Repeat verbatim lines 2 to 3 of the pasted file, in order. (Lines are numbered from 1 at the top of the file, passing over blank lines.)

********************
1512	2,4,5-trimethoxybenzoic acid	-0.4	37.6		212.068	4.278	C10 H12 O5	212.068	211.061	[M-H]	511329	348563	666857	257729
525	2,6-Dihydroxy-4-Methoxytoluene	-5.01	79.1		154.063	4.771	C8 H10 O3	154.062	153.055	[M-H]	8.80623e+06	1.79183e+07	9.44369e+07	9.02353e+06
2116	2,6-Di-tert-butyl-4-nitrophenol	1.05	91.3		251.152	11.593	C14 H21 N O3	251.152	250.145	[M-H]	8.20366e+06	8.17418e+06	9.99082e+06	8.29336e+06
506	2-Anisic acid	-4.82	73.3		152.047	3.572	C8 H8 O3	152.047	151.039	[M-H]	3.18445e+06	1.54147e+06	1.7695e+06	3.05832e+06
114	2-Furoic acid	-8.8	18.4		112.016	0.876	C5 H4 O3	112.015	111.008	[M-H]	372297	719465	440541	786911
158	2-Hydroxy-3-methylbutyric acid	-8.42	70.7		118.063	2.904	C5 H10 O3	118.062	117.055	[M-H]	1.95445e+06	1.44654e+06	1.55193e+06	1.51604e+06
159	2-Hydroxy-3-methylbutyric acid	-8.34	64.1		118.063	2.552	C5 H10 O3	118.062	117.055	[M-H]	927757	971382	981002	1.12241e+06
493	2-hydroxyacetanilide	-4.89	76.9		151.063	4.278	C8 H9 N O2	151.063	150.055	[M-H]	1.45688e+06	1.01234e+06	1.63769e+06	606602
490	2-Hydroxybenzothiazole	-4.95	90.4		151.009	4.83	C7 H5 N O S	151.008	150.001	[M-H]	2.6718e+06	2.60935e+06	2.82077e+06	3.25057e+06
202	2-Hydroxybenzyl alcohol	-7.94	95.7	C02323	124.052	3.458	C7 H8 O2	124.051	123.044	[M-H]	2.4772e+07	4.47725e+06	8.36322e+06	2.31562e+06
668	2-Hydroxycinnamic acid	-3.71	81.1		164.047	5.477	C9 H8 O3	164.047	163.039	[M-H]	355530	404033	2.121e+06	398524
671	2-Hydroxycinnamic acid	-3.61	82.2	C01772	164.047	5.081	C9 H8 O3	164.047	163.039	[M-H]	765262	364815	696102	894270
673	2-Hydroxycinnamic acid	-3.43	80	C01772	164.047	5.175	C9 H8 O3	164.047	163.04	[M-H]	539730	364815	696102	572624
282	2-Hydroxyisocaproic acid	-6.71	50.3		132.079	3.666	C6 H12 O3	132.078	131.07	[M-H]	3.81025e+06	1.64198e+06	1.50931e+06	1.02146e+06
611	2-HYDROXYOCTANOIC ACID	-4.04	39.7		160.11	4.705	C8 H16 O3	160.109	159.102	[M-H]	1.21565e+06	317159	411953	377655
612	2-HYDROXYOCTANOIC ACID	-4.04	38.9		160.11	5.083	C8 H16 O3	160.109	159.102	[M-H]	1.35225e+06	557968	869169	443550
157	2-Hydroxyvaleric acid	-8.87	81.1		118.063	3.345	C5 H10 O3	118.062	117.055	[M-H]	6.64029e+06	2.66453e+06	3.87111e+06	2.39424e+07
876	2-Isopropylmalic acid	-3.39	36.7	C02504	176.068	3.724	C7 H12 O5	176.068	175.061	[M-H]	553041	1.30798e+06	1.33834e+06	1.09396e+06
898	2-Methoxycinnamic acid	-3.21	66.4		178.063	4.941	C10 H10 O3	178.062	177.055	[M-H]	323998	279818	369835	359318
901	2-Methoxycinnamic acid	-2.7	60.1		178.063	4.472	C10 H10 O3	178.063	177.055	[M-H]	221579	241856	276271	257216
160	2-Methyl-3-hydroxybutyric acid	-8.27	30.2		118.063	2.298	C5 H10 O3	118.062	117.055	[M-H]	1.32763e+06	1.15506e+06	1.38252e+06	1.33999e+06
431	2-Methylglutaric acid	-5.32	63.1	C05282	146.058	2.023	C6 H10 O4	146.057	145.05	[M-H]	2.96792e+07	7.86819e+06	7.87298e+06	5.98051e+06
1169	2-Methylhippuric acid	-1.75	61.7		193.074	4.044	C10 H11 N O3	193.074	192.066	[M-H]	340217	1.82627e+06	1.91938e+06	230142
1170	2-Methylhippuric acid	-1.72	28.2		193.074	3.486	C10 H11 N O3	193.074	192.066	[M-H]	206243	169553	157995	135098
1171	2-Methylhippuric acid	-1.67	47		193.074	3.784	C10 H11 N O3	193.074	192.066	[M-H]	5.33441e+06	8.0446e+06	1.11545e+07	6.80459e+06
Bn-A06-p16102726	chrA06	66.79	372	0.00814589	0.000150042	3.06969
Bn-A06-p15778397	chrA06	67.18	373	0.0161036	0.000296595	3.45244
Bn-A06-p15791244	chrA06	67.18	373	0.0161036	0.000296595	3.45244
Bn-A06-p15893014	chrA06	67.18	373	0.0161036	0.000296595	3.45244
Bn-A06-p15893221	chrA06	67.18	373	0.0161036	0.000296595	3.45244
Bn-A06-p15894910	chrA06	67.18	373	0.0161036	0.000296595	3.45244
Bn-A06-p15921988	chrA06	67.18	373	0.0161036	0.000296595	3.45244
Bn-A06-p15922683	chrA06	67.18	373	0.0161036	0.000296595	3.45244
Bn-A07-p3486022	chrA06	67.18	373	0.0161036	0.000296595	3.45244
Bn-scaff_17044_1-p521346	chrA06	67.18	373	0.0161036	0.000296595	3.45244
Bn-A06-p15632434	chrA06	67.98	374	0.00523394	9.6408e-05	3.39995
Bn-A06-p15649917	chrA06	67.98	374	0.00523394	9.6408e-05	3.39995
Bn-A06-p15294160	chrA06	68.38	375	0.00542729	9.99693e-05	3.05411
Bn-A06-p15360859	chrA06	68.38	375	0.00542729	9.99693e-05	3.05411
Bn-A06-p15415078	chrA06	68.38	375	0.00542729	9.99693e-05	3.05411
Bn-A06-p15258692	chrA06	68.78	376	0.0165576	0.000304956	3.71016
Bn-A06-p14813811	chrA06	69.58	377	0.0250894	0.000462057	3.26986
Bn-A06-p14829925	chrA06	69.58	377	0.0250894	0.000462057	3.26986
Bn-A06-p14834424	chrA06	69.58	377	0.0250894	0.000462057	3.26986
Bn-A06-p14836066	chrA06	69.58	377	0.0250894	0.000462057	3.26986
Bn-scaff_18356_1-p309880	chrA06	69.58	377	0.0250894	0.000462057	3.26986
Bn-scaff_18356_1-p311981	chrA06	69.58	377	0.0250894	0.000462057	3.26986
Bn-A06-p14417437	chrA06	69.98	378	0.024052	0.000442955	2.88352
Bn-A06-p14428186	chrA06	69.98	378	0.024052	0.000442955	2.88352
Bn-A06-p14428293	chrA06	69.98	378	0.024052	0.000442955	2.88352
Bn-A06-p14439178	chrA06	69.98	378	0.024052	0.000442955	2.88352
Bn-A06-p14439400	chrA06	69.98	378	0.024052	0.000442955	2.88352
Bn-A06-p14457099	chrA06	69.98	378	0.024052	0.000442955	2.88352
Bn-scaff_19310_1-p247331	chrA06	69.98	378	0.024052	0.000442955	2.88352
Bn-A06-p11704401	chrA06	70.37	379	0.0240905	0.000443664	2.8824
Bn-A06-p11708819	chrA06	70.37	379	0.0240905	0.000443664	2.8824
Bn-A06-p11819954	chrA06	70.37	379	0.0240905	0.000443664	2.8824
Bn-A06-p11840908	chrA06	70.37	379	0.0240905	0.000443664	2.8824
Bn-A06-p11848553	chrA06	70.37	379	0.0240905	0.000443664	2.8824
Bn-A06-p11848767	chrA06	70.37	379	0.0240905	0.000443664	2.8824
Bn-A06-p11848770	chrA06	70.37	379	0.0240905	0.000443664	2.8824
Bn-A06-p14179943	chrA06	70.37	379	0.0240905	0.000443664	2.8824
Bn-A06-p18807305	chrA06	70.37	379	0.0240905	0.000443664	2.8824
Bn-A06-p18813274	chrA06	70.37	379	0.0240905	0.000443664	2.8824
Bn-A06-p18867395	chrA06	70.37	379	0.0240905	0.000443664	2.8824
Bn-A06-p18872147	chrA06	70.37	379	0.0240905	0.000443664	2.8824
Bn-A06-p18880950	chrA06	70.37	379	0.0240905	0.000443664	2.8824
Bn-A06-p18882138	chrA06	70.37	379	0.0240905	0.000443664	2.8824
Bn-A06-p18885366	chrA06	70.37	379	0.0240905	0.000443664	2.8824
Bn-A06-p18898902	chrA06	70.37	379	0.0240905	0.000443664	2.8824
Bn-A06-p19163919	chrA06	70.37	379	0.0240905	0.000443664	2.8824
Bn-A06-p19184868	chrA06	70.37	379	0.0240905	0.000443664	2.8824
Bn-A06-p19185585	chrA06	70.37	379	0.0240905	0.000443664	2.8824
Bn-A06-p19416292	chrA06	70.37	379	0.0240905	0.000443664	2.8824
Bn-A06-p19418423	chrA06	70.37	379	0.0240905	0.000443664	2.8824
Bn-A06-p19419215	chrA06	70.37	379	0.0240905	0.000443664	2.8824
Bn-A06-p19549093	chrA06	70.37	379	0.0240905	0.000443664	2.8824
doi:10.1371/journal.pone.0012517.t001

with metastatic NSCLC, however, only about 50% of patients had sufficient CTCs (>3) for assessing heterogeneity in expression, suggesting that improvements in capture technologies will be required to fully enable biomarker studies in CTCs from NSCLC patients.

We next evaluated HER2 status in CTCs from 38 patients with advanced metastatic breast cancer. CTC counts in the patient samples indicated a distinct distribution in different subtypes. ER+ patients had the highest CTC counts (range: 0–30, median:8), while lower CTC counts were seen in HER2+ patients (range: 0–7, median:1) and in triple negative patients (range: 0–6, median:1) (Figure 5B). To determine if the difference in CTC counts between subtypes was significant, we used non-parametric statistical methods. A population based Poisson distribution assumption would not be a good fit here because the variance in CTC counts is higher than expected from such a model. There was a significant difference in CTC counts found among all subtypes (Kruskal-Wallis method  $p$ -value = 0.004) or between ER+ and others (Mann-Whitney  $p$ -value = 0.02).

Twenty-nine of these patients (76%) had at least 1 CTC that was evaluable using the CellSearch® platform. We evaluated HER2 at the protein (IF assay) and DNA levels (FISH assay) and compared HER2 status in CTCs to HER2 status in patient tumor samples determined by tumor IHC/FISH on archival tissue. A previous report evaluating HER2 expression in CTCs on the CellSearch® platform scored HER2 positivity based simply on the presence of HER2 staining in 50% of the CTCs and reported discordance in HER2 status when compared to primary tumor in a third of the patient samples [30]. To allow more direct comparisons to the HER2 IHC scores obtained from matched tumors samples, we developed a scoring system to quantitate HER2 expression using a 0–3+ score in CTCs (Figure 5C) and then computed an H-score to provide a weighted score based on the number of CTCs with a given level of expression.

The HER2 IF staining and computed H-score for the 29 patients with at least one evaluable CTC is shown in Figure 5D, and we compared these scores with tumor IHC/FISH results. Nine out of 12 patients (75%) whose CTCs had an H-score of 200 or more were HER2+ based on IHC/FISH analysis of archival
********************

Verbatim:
525	2,6-Dihydroxy-4-Methoxytoluene	-5.01	79.1		154.063	4.771	C8 H10 O3	154.062	153.055	[M-H]	8.80623e+06	1.79183e+07	9.44369e+07	9.02353e+06
2116	2,6-Di-tert-butyl-4-nitrophenol	1.05	91.3		251.152	11.593	C14 H21 N O3	251.152	250.145	[M-H]	8.20366e+06	8.17418e+06	9.99082e+06	8.29336e+06